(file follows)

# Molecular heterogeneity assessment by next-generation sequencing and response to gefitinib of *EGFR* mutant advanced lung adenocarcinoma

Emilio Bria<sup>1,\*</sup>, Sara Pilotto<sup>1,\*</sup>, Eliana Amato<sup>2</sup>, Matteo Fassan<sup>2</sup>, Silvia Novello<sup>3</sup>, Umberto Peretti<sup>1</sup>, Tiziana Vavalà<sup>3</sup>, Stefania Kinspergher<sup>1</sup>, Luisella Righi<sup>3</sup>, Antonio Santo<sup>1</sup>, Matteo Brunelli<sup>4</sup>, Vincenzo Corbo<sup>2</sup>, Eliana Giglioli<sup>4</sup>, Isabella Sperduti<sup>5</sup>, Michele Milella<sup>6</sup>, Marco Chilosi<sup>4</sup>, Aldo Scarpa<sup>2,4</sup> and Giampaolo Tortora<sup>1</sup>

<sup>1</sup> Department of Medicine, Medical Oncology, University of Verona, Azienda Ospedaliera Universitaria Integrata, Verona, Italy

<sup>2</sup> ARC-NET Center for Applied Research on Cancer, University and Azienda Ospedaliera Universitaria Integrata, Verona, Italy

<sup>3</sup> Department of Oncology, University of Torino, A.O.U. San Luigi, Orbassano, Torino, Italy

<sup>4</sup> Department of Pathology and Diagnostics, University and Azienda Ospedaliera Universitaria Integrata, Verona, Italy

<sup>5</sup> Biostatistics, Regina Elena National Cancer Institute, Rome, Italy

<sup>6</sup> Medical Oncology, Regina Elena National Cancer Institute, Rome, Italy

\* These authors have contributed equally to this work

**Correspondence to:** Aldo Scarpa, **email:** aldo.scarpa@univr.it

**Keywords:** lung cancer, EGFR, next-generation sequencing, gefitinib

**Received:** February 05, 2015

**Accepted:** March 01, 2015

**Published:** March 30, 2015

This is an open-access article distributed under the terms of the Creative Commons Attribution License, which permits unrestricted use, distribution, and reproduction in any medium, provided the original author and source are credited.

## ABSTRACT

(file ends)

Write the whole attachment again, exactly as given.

# Molecular heterogeneity assessment by next-generation sequencing and response to gefitinib of *EGFR* mutant advanced lung adenocarcinoma

Emilio Bria<sup>1,\*</sup>, Sara Pilotto<sup>1,\*</sup>, Eliana Amato<sup>2</sup>, Matteo Fassan<sup>2</sup>, Silvia Novello<sup>3</sup>, Umberto Peretti<sup>1</sup>, Tiziana Vavalà<sup>3</sup>, Stefania Kinspergher<sup>1</sup>, Luisella Righi<sup>3</sup>, Antonio Santo<sup>1</sup>, Matteo Brunelli<sup>4</sup>, Vincenzo Corbo<sup>2</sup>, Eliana Giglioli<sup>4</sup>, Isabella Sperduti<sup>5</sup>, Michele Milella<sup>6</sup>, Marco Chilosi<sup>4</sup>, Aldo Scarpa<sup>2,4</sup> and Giampaolo Tortora<sup>1</sup>

<sup>1</sup> Department of Medicine, Medical Oncology, University of Verona, Azienda Ospedaliera Universitaria Integrata, Verona, Italy

<sup>2</sup> ARC-NET Center for Applied Research on Cancer, University and Azienda Ospedaliera Universitaria Integrata, Verona, Italy

<sup>3</sup> Department of Oncology, University of Torino, A.O.U. San Luigi, Orbassano, Torino, Italy

<sup>4</sup> Department of Pathology and Diagnostics, University and Azienda Ospedaliera Universitaria Integrata, Verona, Italy

<sup>5</sup> Biostatistics, Regina Elena National Cancer Institute, Rome, Italy

<sup>6</sup> Medical Oncology, Regina Elena National Cancer Institute, Rome, Italy

\* These authors have contributed equally to this work

**Correspondence to:** Aldo Scarpa, **email:** aldo.scarpa@univr.it

**Keywords:** lung cancer, EGFR, next-generation sequencing, gefitinib

**Received:** February 05, 2015

**Accepted:** March 01, 2015

**Published:** March 30, 2015

This is an open-access article distributed under the terms of the Creative Commons Attribution License, which permits unrestricted use, distribution, and reproduction in any medium, provided the original author and source are credited.

## ABSTRACT